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What is my Heart Saying?

I awoke yesterday morning with an all-encompassing sense of overwhelm. My mind was racing over all of the things I had to accomplish. As a marriage and family therapist, I love what I do and, as a result, I was thinking about who and how I was going to help that day. Everything I had to get done before going into the office snuck up on me, like answering a phone call from my accountant, responding to emails, and taking my daughter’s dog for a walk. The stacking of all of these small things made for a largely hectic and stressful morning!

If you’ve had experiences like this then you know that the smallest daily tasks or larger scale challenges – like an argument with your partner, being yelled at by your boss for something going wrong at work, or even coping with the loss of a loved one – can become completely overwhelming. It’s not uncommon to feel isolated, forgetting that others are dealing with challenges in their own lives.

It’s during situations like these that it’s important to stop the mental clamoring, get out of your head, and ask, “What is my heart saying?”

All too often we rely upon our brains to rationalize and solve all of our problems when in fact our hearts offer a more effective solution! Decades of research have shown that our hearts are powerful communicators. Studies conducted by the HeartMath Institute reveal that the heart communicates to the brain in four major ways: neurologically through the transmission of nerve impulses, biochemically through hormones and neurotransmitters, biophysically through pressure waves, and energetically through electromagnetic field interactions. What’s more, science has also revealed that our hearts have their own “heart-brain,” equipped with 40,000 neurons that can sense and feel more effectively than your actual brain.

Dr. John Gottman references this power in his book Raising an Emotionally Intelligent Child, explaining that the most important trait of highly effective, empathetic parents is that they “use their hearts to feel what their children are feeling.” If using your heart can help you more effectively connect with your children and others, why not try using it to express a little self-compassion?

Compassionate Heart Breathing

Here is a simple and powerful exercise that I like to share with clients to get them out of their heads and back into their hearts. It’s called compassionate heart breathing and it combines the practices of self-compassion and mindfulness while tapping into the power of your heart. It effectively opens and softens your heart, oxygenates your blood, and activates the calming and restorative powers of your parasympathetic nervous system – the one that is responsible for calming you down.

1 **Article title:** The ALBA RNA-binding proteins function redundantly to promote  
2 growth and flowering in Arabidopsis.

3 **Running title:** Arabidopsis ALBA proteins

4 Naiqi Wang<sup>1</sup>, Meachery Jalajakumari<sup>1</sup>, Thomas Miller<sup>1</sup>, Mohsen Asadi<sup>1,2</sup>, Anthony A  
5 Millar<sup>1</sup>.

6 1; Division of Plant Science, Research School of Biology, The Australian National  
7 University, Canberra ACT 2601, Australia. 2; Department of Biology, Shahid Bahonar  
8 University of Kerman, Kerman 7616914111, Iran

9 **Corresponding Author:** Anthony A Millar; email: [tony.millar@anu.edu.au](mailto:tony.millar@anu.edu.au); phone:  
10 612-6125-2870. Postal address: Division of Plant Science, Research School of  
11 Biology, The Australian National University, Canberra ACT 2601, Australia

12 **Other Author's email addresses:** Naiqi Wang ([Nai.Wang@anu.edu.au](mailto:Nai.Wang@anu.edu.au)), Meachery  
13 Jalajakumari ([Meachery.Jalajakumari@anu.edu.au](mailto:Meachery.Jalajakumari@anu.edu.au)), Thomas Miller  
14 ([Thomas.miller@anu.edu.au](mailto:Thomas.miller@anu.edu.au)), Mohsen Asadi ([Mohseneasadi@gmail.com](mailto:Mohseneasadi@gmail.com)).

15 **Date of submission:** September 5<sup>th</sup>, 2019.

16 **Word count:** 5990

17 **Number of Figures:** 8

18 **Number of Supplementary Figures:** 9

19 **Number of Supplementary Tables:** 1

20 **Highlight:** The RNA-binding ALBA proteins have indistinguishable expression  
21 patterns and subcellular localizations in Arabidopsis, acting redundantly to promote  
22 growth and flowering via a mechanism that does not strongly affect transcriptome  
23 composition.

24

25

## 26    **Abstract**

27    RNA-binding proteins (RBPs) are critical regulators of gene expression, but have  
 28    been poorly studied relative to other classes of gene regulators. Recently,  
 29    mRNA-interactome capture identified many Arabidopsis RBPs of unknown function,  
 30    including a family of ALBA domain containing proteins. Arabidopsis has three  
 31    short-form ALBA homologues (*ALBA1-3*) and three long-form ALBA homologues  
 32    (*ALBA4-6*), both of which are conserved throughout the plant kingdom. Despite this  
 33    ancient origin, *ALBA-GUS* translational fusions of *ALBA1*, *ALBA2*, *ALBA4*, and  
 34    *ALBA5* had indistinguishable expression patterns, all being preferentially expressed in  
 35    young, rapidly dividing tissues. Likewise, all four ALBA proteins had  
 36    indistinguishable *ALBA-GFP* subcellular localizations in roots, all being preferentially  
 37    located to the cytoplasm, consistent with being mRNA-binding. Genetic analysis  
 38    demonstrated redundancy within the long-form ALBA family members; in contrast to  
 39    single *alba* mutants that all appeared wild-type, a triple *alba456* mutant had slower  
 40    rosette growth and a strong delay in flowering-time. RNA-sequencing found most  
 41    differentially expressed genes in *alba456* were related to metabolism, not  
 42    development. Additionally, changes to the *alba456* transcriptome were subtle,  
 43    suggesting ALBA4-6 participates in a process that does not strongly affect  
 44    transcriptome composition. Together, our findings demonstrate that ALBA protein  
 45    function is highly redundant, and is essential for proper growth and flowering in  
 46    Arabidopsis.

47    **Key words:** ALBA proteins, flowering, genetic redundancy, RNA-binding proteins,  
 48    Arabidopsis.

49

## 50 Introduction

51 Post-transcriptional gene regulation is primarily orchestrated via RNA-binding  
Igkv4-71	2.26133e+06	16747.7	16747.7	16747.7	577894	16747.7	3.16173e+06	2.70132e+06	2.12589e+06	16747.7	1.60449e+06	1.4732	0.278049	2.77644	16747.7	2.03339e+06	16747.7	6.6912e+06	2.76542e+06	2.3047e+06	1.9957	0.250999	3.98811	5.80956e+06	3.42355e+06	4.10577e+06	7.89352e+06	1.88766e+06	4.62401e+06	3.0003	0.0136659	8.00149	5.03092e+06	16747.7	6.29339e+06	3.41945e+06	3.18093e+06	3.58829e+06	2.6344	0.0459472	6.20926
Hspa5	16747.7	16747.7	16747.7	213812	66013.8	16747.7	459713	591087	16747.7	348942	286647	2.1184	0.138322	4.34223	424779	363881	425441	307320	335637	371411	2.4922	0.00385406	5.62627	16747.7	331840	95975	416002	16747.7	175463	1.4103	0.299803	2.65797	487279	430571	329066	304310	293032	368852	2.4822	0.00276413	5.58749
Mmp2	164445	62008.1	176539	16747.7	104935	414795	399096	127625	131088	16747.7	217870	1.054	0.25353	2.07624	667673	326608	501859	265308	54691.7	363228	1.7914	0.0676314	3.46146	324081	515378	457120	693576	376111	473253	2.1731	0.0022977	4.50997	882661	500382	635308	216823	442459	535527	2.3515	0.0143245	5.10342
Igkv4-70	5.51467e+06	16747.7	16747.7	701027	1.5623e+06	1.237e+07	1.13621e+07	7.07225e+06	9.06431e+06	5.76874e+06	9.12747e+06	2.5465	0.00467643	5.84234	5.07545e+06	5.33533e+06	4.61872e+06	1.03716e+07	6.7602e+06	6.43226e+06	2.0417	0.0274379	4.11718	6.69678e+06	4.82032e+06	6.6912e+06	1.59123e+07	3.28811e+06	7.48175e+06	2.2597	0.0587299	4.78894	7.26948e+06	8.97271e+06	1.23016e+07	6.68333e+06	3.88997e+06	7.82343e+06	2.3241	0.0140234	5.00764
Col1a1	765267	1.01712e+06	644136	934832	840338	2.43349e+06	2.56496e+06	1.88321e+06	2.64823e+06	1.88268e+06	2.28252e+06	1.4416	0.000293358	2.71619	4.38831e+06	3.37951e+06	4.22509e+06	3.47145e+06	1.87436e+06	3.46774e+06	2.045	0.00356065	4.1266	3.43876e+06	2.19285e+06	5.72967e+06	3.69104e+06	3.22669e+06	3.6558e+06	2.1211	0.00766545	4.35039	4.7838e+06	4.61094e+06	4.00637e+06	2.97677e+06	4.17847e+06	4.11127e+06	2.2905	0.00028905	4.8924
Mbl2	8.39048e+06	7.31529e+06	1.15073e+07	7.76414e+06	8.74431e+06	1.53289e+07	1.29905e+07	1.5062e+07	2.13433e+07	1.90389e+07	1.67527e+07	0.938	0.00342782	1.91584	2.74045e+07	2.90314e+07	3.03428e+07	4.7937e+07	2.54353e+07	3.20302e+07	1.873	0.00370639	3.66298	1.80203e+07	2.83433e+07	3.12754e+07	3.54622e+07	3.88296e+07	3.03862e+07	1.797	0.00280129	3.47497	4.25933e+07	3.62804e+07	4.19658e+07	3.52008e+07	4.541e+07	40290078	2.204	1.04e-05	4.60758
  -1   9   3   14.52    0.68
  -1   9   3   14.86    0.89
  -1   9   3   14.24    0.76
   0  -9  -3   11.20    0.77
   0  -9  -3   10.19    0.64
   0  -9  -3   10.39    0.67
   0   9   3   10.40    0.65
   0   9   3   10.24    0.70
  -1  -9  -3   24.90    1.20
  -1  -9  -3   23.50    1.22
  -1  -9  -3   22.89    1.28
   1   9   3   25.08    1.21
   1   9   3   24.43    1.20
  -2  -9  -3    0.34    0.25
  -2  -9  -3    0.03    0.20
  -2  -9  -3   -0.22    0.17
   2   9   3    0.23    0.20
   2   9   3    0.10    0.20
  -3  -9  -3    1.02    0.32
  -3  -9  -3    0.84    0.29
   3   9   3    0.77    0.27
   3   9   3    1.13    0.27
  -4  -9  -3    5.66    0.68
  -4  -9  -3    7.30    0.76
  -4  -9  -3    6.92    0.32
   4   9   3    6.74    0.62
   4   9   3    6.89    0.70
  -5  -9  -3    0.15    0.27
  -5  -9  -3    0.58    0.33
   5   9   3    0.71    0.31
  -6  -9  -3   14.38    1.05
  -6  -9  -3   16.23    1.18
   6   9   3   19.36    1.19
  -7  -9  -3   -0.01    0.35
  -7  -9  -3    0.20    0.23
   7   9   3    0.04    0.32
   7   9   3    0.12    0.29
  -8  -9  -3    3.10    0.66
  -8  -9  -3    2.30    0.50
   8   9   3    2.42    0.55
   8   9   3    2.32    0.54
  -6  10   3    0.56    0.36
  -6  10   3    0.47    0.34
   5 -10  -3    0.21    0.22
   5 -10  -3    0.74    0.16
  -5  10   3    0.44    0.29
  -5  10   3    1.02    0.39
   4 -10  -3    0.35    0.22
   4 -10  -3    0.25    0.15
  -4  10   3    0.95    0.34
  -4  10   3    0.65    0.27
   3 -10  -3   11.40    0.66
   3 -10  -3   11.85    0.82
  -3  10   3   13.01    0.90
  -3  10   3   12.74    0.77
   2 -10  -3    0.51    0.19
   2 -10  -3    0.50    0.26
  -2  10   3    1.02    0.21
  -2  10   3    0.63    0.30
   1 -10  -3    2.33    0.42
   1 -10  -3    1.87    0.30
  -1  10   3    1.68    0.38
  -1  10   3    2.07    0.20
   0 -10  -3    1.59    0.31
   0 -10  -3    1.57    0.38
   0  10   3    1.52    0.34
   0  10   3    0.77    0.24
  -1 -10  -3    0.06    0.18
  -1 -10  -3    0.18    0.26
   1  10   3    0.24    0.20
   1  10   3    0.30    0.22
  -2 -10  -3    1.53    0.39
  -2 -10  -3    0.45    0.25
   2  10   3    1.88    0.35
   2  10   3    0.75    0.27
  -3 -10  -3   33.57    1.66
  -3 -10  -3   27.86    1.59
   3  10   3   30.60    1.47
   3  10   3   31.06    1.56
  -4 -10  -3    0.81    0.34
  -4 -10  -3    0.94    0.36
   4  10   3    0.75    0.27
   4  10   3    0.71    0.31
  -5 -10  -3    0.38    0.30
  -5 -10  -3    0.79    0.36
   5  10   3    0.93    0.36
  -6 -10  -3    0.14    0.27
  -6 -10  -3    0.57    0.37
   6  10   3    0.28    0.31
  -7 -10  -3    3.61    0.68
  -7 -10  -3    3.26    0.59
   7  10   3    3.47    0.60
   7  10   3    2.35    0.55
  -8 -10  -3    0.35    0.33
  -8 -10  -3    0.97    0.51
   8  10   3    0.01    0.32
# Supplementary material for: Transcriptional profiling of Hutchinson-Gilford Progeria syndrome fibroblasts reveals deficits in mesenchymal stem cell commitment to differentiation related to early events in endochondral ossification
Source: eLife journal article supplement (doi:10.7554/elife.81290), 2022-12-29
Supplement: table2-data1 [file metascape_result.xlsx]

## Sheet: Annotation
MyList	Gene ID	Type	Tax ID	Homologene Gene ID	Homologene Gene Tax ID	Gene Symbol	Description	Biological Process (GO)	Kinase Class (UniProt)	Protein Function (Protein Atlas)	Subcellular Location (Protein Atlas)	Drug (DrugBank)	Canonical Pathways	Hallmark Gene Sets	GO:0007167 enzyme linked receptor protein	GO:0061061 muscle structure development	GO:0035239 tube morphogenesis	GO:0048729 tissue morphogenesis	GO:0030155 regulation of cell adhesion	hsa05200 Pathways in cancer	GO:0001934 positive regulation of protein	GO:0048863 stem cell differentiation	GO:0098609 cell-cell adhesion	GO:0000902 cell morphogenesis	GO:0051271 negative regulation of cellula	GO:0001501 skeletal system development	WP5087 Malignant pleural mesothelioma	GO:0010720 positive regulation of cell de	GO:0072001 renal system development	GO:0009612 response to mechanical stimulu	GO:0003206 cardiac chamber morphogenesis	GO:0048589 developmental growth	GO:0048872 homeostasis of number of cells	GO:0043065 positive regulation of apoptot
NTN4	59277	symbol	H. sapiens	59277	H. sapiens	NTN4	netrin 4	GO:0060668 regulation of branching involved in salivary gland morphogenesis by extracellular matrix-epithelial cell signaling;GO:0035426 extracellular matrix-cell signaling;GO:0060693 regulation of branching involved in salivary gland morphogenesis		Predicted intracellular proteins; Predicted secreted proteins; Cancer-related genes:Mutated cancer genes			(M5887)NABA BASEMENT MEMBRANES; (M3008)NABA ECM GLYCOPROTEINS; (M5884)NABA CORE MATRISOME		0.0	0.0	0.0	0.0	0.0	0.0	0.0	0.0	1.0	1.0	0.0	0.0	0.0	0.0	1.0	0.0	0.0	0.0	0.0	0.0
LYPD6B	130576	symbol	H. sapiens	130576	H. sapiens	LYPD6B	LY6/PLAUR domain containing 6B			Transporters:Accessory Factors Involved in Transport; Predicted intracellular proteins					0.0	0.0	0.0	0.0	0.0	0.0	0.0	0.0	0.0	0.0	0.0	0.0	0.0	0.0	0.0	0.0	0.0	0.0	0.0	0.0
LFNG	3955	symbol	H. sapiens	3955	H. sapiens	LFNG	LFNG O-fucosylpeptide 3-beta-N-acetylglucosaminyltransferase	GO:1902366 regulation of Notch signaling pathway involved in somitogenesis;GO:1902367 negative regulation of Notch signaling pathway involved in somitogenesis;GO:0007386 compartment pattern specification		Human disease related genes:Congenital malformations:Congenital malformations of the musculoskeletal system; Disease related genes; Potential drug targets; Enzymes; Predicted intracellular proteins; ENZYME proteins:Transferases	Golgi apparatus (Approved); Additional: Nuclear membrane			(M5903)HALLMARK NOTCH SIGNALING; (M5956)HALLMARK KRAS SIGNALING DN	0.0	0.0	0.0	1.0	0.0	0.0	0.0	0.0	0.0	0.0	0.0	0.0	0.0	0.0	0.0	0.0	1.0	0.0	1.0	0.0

Start by placing one or both of your hands on your heart. Take two to three deep, satisfying breaths, slowly tapping into your “heart-brain.” Applying gentle pressure, make small circles with your hand over your heart, feeling the natural rising and falling as you breathe in and out. Stay with that feeling as long as you like. If this makes you feel uneasy, explore where on your body a gentle touch is soothing. This could be on your abdomen, cheek, or stroking your arms. You can even cup one hand in another while resting them both on your lap.

Now, as you continue to breathe and soothe yourself, acknowledge what is happening and how you are feeling. Follow up with a supportive statement such as, “What I am experiencing is tough and I am suffering. May I be kind and loving to myself as I gain clarity and strength.” Find a statement that works for you, like one that you would say to a dear friend. Feel the words roll gently through your heart, eventually making their way to your brain.

Practice compassionate heart breathing any time you feel angry, frustrated, overwhelmed, or are experiencing any kind of emotional or physical discomfort. Remaining open to your heart’s voice will help you wake up to your true self, while simultaneously influencing your brain and body in beneficial ways.

Resources:  Gottman Blog
Photo:  by Stuart Miles